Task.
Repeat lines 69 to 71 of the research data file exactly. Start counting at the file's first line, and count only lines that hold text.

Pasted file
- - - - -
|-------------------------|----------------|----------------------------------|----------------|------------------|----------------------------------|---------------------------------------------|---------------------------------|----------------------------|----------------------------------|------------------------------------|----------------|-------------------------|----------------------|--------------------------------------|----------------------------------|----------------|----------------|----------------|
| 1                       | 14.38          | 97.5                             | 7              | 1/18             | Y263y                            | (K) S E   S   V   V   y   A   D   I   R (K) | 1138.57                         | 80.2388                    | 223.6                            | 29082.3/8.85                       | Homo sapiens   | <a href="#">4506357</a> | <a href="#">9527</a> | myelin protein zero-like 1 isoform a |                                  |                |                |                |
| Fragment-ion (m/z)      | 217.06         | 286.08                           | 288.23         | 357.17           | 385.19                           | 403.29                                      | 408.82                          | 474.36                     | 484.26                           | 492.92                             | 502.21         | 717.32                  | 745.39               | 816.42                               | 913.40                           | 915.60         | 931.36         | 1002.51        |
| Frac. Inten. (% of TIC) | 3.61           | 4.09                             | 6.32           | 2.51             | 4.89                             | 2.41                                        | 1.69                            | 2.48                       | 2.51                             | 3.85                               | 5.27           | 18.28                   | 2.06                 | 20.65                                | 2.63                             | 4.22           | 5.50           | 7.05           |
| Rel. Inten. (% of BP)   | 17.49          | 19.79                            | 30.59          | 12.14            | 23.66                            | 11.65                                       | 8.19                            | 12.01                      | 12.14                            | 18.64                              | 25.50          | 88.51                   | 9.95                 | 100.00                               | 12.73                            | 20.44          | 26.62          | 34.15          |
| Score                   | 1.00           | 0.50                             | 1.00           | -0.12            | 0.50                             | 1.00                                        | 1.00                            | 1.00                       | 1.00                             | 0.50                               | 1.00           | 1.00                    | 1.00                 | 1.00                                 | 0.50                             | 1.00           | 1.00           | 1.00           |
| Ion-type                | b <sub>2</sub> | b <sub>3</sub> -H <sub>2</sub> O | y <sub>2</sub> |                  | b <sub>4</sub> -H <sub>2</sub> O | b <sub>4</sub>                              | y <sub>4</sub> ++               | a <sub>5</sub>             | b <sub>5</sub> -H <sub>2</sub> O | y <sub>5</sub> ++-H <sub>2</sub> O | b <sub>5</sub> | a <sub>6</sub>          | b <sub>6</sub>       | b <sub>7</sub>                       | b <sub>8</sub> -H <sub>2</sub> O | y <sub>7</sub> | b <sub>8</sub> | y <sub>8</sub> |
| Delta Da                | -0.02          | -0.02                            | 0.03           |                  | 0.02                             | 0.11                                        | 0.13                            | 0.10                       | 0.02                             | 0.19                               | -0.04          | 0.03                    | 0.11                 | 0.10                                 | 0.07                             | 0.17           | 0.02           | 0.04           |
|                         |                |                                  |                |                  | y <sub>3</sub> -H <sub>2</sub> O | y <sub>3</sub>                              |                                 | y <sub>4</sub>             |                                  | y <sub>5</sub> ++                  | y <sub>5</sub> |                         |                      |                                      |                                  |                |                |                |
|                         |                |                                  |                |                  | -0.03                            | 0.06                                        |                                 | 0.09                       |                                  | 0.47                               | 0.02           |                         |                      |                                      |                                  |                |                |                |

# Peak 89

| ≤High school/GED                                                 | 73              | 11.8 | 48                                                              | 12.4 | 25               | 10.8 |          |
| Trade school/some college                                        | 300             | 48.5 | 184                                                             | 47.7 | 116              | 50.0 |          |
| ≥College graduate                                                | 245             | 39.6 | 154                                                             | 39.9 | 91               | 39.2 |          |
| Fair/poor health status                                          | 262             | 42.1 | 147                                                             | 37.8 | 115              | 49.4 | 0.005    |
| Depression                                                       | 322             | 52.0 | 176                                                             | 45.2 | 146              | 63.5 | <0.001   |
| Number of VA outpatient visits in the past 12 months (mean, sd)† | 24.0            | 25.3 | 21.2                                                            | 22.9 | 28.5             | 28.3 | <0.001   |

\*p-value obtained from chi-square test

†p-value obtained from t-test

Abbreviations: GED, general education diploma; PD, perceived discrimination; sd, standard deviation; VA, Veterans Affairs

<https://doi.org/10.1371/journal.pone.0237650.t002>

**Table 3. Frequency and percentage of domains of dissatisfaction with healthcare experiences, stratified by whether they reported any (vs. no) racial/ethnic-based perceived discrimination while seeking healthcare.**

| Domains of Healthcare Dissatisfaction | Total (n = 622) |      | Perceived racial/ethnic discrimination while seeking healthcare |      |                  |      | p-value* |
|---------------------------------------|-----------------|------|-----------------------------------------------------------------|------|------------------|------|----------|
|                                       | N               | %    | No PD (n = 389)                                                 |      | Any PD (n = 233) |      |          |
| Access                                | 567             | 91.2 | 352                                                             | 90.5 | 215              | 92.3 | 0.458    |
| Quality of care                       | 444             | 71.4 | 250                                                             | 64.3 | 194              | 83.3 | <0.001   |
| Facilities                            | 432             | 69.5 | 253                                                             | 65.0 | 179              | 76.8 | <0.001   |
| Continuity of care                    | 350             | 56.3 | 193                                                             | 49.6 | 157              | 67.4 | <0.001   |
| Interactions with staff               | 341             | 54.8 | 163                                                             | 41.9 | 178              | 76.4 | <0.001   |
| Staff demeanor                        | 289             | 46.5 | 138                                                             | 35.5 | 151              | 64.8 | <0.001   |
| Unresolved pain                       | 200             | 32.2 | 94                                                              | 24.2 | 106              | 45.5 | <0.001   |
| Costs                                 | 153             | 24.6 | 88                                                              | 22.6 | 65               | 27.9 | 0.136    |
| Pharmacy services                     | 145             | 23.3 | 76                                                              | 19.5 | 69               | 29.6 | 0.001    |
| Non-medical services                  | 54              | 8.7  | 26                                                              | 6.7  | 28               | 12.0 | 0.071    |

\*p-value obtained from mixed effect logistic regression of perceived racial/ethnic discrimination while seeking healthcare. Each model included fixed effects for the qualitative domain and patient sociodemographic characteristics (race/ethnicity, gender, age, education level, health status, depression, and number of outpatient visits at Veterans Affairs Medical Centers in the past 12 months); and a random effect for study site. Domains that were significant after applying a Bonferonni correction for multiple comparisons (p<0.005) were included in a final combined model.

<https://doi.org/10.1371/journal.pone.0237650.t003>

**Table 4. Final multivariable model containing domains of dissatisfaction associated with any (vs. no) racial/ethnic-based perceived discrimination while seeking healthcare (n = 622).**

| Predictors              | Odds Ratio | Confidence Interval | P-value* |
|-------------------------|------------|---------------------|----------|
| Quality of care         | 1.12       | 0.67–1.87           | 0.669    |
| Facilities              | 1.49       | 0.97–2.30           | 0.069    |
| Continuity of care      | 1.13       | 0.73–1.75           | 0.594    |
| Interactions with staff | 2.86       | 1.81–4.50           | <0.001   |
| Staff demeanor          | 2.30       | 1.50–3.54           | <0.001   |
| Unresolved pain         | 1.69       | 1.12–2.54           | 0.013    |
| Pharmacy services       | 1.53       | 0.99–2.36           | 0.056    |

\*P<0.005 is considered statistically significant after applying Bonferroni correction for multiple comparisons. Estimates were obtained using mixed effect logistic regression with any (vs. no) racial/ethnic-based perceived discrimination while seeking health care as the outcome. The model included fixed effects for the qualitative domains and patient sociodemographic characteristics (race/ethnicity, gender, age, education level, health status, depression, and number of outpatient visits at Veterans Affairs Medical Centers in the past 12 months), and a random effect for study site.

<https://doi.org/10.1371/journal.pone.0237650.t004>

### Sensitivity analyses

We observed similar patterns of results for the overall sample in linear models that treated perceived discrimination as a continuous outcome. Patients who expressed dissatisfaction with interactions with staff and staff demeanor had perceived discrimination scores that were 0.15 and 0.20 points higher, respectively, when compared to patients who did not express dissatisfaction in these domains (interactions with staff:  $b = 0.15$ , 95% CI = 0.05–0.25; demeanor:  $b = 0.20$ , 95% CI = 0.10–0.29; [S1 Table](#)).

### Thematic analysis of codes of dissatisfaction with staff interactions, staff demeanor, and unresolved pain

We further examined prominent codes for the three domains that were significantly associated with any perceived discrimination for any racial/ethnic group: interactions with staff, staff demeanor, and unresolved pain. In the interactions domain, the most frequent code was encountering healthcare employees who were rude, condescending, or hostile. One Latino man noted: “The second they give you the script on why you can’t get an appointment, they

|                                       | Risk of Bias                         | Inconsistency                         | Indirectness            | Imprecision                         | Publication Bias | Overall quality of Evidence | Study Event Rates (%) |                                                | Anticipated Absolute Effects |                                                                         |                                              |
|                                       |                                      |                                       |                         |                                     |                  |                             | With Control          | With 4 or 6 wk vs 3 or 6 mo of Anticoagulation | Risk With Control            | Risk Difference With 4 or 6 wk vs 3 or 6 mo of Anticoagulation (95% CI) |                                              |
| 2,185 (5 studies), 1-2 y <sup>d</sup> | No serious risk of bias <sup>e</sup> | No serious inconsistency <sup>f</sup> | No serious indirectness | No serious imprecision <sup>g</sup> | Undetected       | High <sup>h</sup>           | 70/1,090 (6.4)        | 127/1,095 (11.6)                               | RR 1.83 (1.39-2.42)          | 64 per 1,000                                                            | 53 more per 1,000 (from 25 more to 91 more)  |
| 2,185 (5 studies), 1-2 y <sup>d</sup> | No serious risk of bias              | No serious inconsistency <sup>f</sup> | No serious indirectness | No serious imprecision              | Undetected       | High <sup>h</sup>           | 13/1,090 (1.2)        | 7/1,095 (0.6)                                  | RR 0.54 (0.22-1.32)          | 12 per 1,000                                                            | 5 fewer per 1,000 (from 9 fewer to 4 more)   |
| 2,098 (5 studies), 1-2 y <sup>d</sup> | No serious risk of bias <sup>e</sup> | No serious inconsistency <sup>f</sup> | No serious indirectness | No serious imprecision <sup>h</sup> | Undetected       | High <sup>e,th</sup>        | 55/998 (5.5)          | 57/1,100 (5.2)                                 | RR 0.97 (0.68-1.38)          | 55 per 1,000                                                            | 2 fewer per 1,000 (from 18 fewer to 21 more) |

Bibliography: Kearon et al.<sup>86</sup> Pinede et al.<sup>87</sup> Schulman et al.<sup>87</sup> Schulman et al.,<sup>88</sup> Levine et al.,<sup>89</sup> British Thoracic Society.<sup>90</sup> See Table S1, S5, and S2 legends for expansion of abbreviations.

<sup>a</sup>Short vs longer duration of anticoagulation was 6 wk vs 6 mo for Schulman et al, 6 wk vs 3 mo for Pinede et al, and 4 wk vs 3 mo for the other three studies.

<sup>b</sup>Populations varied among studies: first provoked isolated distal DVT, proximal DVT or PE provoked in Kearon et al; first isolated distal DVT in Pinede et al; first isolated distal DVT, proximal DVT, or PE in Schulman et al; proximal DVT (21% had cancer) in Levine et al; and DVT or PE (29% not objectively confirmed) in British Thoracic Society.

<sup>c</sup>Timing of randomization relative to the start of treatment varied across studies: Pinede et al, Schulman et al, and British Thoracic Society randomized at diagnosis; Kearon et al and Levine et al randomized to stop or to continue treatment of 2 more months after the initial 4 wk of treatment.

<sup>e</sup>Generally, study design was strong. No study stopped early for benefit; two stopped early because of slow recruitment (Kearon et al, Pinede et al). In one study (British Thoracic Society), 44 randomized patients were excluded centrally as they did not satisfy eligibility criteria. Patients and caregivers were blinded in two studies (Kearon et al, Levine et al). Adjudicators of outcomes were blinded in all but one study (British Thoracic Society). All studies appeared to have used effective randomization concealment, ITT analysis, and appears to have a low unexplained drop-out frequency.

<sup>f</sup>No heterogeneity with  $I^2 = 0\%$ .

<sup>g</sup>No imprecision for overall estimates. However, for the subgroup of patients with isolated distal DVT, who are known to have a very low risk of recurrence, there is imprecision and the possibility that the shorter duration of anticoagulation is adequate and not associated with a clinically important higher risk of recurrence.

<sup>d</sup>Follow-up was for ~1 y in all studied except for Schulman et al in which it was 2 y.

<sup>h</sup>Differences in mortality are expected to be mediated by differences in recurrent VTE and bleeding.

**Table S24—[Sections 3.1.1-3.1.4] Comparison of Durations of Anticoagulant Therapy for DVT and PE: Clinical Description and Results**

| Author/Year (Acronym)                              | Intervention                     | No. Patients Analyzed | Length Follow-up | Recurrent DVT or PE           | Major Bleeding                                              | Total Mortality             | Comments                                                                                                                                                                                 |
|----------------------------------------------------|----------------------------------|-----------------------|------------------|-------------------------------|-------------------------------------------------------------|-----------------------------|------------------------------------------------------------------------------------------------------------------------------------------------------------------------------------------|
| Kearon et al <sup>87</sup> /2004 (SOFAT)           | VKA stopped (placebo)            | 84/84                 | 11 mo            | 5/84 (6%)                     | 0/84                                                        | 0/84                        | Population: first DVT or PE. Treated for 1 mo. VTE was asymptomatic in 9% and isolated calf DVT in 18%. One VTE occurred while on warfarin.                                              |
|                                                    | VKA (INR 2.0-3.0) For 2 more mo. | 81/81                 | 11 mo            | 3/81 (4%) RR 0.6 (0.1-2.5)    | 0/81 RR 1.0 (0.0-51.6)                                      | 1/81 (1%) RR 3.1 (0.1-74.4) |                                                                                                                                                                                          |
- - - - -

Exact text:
| Author/Year (Acronym)                              | Intervention                     | No. Patients Analyzed | Length Follow-up | Recurrent DVT or PE           | Major Bleeding                                              | Total Mortality             | Comments                                                                                                                                                                                 |
|----------------------------------------------------|----------------------------------|-----------------------|------------------|-------------------------------|-------------------------------------------------------------|-----------------------------|------------------------------------------------------------------------------------------------------------------------------------------------------------------------------------------|
| Kearon et al <sup>87</sup> /2004 (SOFAT)           | VKA stopped (placebo)            | 84/84                 | 11 mo            | 5/84 (6%)                     | 0/84                                                        | 0/84                        | Population: first DVT or PE. Treated for 1 mo. VTE was asymptomatic in 9% and isolated calf DVT in 18%. One VTE occurred while on warfarin.                                              |